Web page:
Students at Jadavpur University down the years remember Supriya Chaudhuri, now Professor Emeritus in the department of English, as an extremely fit and athletic person, demonstrating karate chops at departmental meets, and bowling and batting with elan at teacher-student matches. Chaudhuri, a black belt (Shodan) in kyokushinkaikan karate who had represented the University of Oxford in both badminton and karate, tells Metro why attaining physical fitness should be a way of life.
While schools starting martial arts classes is a welcome initiative, any athletic pursuit should be encouraged. Engagement in active sports or NCC drills is likely to build confidence and increase alertness, helping one tackle a situation. The girl who could chase down the man harassing her (in Bally, Howrah, last week) had the confidence to do so as she is a swimming champion.
Unfortunately, our school system encourages students to stay caught in the passive cycle of classes, tuitions and textbooks. That is why girls, and even boys, lack fitness and become victims easily.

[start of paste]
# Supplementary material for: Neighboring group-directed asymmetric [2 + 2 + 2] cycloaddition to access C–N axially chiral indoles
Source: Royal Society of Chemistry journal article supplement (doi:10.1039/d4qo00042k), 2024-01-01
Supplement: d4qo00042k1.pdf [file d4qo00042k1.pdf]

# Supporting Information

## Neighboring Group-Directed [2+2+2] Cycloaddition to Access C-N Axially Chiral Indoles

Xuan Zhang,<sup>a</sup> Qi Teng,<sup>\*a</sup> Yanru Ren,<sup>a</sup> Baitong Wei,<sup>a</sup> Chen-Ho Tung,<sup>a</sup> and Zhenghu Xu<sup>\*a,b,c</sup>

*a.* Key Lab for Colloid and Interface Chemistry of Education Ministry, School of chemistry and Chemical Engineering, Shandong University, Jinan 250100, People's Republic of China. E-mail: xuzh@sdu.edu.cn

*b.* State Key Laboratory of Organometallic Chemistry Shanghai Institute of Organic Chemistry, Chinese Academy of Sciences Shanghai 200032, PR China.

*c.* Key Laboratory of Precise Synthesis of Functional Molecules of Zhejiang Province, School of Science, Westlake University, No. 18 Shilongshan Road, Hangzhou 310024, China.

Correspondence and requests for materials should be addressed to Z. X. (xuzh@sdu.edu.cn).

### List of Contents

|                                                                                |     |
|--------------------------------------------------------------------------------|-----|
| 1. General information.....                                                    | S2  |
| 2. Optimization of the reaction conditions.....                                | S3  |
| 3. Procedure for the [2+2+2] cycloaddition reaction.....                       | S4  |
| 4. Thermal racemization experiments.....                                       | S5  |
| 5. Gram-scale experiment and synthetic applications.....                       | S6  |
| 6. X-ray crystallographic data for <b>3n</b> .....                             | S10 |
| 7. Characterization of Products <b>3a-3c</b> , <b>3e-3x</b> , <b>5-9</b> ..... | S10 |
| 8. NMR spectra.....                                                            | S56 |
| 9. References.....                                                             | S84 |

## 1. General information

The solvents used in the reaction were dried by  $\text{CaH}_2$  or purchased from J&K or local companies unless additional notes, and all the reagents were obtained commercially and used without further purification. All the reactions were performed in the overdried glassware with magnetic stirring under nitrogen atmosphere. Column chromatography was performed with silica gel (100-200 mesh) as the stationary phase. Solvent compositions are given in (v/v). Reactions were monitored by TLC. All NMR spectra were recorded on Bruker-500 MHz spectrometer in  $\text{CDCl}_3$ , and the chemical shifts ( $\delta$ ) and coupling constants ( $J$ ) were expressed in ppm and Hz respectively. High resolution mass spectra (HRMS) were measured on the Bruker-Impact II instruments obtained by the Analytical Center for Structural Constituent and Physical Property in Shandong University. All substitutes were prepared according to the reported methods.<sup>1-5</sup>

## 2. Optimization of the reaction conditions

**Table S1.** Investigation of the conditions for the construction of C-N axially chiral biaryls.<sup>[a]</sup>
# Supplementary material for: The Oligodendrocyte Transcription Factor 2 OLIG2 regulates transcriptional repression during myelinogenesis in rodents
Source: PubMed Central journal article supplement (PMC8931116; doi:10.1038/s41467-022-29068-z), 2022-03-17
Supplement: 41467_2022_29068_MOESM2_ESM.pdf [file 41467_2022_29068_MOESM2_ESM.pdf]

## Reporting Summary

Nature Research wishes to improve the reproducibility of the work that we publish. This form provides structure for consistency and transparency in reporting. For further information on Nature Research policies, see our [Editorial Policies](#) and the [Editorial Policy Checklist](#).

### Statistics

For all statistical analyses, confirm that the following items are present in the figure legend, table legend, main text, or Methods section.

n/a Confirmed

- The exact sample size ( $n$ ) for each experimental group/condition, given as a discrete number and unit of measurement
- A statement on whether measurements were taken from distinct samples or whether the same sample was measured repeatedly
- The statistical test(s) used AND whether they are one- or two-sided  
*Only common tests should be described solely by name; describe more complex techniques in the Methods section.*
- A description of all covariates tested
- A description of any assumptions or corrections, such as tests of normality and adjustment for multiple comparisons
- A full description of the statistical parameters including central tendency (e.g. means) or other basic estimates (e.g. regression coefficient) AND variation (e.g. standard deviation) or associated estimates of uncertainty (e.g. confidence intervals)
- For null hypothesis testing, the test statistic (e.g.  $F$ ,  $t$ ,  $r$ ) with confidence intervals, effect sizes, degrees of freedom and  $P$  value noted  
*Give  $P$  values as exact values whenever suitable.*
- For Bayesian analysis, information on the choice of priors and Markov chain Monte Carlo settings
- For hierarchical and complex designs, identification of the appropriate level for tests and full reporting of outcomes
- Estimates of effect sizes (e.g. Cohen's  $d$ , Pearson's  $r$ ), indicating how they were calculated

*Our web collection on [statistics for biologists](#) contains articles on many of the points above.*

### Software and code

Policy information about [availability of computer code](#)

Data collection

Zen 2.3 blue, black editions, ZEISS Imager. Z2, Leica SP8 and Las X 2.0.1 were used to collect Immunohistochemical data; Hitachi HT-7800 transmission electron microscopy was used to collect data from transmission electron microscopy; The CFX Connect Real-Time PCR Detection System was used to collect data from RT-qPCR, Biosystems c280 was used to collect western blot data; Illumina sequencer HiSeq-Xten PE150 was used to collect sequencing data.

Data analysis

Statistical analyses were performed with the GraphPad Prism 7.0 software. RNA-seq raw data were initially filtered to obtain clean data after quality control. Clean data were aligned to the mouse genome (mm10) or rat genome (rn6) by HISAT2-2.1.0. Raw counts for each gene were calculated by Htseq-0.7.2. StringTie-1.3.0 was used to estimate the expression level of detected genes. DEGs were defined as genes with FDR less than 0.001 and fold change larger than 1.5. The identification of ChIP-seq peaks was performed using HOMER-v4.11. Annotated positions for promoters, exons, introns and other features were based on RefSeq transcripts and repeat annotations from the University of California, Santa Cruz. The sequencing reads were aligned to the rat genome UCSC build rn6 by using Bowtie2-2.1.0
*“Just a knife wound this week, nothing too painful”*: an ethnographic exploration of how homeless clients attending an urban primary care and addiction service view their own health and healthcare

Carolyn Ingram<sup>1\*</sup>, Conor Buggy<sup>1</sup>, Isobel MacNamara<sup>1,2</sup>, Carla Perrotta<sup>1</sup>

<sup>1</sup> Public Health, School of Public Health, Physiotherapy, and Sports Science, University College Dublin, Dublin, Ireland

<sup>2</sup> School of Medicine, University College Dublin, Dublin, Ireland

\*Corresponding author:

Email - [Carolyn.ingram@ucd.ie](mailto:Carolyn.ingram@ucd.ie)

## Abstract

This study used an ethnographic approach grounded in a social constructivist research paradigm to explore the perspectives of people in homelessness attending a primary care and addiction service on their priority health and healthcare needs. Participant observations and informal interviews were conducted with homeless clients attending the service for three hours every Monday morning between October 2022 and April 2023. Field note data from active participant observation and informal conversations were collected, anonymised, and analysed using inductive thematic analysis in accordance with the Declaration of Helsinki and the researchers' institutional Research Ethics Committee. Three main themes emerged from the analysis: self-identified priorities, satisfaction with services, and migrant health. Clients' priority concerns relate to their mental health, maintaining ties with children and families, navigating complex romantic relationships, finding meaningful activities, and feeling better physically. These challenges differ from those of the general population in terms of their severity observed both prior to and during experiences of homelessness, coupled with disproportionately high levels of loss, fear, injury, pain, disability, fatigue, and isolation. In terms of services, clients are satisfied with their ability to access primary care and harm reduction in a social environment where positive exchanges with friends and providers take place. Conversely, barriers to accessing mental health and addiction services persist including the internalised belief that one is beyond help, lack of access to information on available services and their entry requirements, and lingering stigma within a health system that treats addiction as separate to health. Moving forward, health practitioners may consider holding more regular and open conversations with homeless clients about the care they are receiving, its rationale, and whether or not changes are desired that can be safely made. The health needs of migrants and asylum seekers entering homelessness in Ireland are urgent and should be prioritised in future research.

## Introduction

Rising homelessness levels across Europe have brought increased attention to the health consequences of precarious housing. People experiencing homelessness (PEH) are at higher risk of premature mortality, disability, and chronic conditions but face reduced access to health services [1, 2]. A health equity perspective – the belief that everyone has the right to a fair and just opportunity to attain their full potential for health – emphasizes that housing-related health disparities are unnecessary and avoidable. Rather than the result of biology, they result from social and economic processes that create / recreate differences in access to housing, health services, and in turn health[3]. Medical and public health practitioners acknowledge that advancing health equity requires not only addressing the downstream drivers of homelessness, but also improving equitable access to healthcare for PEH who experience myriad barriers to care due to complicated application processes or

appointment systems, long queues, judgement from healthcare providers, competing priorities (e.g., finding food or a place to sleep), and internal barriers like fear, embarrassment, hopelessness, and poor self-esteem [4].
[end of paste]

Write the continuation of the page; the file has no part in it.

Students who take part in the National School Games are a handful and usually train not at school but under the aegis of some club.
It is not as if learning martial art, or any sport, would allow one to resist in case of armed assault, as was the case in Delhi. But in a less serious situation, one who is confident of one’s own physical abilities would never cower.
In the Western education system, students are encouraged to take part in a variety of sports. Which is why street harassment in the form of lewd comments, stalking or groping is relatively uncommon. Women would just not put up with it.
Even in our childhood, this culture of sports existed among children and adults. I grew up playing all kinds of street sports with local boys. Now adults can no longer play sports unless they are members of some elite club.
Badminton matches under lights in the para are a thing of the past, as are the sports tournaments organised by local clubs where older men also played. Now all that ordinary individuals can do after leaving college is go to a gym to lose weight and start morning walks after retirement.
I have always taken part in active sports and don’t see any reason to stop, despite my ‘retirement’.